So there are many ways to react to these new things. You could shun them, embrace them, fear them, but Frank always dives into them, pressing buttons, looking through holes, or entering doorways that maybe he shouldn’t be entering. As Woodring is trying to open up how we experience our own world, he’s teaching us how to react when things don’t go the way we expect them to go. It’s a bit like how do you write a new book when you feel like the last two books were not creative successes. In Poochytown, Woodring is reacting to his own creative output and the way it’s changed his own approach to this new comic.

As a land of imagination, the Unifactor gives Woodring a surreal tapestry to draw these adventures in. While wordless, his comics are never silent as his artwork creates its own soundtrack in the mind of the reader. Shading with a variety of wavy line weights, Woodring’s drawings produce every kind of sound from a hum to a screaming cacophony. The rhythm that underlines Frank’s adventures is always present and working on the reader whether they realize it or not.

Frank exists in a world that’s pure communication. Woodring’s Unifactor exists to relay information between the characters and even broadcast it out to the reader and even to the cartoonist. This communication is about all the ways we interact with the people and the world around us. One of the big things that Woodring and the Unifactor encourage us to do is to listen and pay attention to what Frank, Manhog and everyone else is wordlessly saying. They’re constantly talking but we can only imagine what they’re saying. That way, this comic is actually louder than most comics because it actually has something to express. As Frank encounters all of these strange, wonderful, and even scary things within the span of a day, he never succumbs to doubt or despair but the message of the comic is about adaptation, acceptance and a willingness to accept what’s happening with eyes wide open.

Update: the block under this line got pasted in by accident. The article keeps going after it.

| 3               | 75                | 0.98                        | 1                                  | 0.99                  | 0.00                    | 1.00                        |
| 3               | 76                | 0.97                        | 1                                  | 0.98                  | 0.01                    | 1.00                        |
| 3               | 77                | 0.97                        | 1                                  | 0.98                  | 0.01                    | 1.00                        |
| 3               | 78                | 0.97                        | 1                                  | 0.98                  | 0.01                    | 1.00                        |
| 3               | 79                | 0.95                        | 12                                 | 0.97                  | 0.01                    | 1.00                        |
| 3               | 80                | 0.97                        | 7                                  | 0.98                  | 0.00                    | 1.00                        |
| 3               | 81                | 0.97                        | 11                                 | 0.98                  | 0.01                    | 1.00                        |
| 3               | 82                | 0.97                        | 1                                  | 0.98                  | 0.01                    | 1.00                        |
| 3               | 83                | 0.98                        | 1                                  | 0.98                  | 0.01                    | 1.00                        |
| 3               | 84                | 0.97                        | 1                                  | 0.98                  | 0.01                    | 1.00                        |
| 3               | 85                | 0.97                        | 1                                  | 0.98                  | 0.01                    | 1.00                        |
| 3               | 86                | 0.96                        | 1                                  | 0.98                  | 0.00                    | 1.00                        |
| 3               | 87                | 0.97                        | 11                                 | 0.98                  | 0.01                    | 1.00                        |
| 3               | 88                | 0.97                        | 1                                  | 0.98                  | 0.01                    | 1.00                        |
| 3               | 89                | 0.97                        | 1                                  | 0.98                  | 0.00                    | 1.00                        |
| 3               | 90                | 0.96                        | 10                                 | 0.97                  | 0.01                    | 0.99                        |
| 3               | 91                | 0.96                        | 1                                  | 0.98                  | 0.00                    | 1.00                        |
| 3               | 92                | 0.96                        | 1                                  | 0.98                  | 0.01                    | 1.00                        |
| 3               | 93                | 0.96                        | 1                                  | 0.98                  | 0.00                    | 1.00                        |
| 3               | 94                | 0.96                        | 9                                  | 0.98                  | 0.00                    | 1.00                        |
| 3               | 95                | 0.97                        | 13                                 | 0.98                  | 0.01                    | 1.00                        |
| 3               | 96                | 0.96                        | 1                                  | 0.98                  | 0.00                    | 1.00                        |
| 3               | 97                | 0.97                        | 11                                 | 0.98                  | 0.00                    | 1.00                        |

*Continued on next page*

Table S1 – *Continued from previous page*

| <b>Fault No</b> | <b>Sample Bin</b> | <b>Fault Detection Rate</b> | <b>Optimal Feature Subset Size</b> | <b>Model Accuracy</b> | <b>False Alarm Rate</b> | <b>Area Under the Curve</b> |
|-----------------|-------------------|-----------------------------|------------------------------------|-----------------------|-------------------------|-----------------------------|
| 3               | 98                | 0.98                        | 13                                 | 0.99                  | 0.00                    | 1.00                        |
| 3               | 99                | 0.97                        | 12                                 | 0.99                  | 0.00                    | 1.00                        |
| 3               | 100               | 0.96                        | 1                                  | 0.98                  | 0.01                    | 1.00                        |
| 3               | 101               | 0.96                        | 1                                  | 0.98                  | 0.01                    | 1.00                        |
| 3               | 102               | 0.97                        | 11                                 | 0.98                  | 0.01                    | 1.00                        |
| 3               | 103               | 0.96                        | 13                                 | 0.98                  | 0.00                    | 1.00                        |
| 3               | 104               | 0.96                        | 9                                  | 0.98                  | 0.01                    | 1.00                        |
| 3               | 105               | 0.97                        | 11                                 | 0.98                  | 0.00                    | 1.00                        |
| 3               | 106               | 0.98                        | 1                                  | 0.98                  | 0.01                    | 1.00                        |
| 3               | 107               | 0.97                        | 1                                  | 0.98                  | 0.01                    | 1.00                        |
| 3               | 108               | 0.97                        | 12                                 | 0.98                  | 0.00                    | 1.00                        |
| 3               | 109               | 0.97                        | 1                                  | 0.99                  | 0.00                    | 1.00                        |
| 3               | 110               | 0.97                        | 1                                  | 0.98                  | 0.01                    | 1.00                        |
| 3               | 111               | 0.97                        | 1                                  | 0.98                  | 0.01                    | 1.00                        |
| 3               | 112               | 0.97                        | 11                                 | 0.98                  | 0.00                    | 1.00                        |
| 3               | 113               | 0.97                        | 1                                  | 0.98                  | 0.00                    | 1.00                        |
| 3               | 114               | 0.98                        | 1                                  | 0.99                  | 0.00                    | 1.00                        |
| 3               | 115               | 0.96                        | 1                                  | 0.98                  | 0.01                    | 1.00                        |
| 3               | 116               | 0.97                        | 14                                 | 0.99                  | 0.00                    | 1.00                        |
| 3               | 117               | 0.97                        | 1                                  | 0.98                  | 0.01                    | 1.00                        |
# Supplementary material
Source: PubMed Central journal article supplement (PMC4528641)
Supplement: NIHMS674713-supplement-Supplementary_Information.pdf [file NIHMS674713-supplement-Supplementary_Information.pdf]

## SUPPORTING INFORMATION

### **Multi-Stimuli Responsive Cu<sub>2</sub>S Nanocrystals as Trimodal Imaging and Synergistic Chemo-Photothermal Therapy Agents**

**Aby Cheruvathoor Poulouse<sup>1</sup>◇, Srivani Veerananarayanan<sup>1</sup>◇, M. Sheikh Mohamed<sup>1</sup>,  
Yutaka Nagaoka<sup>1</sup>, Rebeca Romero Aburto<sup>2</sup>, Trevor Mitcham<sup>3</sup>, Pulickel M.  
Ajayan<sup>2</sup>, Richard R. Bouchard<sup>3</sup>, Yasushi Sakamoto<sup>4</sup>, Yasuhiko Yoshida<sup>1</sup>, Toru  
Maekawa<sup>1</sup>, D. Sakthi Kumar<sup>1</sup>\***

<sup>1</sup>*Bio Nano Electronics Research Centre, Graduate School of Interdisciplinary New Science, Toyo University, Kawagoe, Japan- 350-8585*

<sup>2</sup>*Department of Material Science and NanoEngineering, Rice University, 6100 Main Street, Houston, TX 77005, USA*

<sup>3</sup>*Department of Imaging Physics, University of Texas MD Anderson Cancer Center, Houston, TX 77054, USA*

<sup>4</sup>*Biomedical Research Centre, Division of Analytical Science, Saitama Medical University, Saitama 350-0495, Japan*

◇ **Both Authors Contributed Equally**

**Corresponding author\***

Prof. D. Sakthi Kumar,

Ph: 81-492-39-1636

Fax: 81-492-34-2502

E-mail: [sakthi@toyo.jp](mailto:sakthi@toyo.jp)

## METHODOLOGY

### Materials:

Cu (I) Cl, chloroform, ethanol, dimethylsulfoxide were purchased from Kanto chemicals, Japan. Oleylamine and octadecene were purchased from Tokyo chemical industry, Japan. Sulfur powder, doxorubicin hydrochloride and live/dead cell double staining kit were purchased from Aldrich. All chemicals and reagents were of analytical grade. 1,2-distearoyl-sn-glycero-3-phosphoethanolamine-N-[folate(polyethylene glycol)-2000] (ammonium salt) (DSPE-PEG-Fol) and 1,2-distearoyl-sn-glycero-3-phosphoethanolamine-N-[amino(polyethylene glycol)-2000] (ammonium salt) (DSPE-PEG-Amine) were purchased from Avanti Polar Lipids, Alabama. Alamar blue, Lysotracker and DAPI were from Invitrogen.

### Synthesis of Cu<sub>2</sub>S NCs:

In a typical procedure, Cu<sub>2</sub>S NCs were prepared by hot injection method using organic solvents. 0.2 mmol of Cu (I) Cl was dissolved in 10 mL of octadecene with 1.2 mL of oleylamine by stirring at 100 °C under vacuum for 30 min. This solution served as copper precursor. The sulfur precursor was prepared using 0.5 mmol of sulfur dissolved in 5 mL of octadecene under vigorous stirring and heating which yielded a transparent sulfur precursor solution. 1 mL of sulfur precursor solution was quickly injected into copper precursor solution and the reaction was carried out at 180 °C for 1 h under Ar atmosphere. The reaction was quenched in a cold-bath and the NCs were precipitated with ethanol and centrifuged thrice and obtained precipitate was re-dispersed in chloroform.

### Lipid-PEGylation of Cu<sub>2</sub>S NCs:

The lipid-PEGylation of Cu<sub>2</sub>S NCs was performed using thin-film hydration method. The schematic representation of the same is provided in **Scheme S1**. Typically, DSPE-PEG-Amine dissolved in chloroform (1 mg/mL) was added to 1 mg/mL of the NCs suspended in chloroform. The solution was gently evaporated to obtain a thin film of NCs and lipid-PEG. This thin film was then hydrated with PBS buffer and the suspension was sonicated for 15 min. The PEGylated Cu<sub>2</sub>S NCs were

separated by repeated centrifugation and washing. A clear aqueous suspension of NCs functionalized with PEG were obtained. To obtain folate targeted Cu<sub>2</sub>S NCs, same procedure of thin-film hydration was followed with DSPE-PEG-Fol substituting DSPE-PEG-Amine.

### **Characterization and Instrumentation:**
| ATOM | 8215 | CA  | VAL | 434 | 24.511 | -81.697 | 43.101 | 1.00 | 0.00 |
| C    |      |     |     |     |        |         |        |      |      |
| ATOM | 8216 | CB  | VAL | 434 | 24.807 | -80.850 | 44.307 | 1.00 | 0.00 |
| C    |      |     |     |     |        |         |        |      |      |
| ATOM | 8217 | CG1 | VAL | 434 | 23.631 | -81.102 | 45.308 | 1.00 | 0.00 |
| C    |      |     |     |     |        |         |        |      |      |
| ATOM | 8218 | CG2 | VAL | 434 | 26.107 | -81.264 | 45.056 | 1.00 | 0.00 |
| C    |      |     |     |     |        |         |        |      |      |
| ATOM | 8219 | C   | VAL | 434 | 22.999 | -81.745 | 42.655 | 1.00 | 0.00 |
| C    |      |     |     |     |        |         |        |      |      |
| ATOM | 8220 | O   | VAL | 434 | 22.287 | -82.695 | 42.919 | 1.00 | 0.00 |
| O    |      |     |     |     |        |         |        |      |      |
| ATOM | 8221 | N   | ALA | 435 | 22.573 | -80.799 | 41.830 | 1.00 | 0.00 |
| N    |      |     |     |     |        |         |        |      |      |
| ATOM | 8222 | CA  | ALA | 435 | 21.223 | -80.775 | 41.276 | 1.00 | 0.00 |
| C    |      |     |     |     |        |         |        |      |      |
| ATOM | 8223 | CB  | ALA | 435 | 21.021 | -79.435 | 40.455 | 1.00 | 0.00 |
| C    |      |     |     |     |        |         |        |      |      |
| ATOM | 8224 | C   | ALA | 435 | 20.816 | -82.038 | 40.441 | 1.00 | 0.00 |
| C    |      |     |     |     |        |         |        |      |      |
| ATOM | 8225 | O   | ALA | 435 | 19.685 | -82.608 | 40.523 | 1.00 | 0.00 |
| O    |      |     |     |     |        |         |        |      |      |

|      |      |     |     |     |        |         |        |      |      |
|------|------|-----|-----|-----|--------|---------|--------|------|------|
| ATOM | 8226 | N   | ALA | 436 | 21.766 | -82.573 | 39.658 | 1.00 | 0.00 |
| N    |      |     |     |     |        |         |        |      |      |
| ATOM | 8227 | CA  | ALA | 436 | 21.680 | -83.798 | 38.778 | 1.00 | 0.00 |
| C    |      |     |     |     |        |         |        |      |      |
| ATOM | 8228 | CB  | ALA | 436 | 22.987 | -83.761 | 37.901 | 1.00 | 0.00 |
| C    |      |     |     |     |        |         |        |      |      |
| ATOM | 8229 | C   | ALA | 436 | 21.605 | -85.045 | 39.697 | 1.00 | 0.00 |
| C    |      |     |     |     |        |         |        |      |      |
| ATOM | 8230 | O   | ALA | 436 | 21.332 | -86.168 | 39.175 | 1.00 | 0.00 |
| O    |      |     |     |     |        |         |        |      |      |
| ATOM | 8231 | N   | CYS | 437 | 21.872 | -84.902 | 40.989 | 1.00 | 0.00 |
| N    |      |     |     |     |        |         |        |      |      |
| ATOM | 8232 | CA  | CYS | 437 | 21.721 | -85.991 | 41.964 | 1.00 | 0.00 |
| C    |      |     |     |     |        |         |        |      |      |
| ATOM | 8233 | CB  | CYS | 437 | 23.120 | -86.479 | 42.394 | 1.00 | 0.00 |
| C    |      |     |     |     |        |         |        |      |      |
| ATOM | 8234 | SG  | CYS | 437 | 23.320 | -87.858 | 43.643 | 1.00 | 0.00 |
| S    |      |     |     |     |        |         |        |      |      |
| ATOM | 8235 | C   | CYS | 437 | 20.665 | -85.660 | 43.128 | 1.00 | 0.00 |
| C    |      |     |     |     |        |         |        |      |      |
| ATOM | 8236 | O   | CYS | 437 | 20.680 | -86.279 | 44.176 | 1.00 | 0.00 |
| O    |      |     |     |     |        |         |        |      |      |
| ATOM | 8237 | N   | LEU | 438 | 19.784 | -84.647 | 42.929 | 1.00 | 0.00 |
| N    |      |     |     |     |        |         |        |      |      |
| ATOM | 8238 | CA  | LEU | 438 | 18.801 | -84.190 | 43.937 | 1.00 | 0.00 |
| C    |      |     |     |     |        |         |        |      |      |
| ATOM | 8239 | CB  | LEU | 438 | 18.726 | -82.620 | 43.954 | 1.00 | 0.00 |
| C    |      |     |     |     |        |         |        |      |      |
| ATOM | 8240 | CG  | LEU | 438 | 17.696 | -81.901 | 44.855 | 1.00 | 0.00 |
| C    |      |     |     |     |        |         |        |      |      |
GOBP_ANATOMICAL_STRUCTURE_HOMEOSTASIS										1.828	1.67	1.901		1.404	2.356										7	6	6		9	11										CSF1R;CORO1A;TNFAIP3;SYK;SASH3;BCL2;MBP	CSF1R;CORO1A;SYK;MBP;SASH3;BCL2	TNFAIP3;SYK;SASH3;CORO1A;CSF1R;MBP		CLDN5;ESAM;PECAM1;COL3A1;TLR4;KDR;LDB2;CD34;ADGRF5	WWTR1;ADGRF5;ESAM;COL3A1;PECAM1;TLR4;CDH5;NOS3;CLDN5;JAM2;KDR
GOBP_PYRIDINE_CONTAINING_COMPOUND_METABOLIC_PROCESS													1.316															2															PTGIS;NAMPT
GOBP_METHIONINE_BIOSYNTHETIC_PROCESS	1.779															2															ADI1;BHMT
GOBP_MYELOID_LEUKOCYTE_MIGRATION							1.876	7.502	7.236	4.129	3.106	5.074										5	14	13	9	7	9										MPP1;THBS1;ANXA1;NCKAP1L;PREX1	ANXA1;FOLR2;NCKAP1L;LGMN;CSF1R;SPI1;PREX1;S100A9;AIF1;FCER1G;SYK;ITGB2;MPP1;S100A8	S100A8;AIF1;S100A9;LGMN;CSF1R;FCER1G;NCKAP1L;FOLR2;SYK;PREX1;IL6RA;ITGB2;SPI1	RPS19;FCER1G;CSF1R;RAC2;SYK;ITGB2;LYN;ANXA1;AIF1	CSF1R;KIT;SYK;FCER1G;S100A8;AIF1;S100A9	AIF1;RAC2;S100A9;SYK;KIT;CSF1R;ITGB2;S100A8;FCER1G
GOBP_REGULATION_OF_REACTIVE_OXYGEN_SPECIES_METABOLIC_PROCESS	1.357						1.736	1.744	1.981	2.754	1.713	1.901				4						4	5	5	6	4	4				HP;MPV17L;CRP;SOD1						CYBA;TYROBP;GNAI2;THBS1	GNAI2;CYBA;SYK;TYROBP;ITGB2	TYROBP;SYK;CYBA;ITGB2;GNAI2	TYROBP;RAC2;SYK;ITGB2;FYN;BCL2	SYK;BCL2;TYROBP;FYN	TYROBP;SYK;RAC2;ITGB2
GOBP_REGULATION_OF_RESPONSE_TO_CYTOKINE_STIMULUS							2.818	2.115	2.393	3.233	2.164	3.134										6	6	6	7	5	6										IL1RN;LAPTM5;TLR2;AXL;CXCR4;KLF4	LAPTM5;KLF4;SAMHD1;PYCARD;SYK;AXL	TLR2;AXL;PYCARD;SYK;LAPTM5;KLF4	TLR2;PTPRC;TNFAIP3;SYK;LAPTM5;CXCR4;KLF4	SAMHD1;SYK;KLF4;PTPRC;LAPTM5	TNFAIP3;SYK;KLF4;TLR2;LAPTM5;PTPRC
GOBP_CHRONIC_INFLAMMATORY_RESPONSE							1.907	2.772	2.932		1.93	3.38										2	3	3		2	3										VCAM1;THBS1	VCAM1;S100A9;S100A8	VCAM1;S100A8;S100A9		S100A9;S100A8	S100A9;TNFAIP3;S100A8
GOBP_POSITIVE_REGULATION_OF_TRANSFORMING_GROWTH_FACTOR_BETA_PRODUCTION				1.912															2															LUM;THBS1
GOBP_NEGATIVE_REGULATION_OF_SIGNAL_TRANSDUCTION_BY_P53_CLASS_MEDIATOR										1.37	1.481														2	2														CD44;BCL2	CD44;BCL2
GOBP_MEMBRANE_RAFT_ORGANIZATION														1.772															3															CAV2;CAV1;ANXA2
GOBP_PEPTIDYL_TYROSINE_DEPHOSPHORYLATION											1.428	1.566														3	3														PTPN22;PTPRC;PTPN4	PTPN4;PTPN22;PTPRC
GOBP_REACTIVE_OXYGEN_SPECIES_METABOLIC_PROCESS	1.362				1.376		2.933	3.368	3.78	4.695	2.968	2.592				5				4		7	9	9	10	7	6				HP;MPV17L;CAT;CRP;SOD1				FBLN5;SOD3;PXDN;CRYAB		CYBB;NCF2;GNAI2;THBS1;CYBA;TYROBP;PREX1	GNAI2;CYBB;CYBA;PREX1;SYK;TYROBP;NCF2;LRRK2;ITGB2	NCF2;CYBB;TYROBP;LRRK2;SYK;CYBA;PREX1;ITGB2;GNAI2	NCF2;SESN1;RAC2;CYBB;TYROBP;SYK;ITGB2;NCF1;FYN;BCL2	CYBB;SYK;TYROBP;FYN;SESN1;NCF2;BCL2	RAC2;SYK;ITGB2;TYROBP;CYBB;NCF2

And that may all be wrong. In the end, Frank also has to accept that Manhog isn’t a wanted part of this world as Manhog is chased off. Here’s a disgusting character that finally gets to show a bit of his true character but he’s chased off because of who everyone knows him to be and not what he’s just shown himself to be in this book. As the beginning of Poochytown resets everything to a point in time before the previous two books, the end of Poochytown resets itself to a status quo that doesn’t accept one of the main characters of this book. It’s kind of heartbreaking to see the way that the story accepts the fate of Manhog to be a disgusting joke than as a faithful friend.

That's the conundrum of this book.  It's about a new friendship but then that friendship is abandoned in the end.  For everything that happens, in the end, everything is pretty much what it was at the beginning.  Maybe we've changed a bit because of our experience with this book but it's hard to see any development in the characters because they're reset to a status quo in the end.  For everything new that Frank has experienced and discovered, he returns home to his old friends and his old bed.  Even as everything around him in the Unifactor was changing, it returns in final pages to an equilibrium that makes you wonder why Frank just went through everything that he did.  It's this mystery in Jim Woodring comics that makes him a cartoonist that you've got to return to again and again because he doesn't make it easy.

Updated 9/9/18:  A previous version of this review mistakenly identified the character Manhog as "Warthog."

Written and Drawn by Jim Woodring
Published by Fantagraphics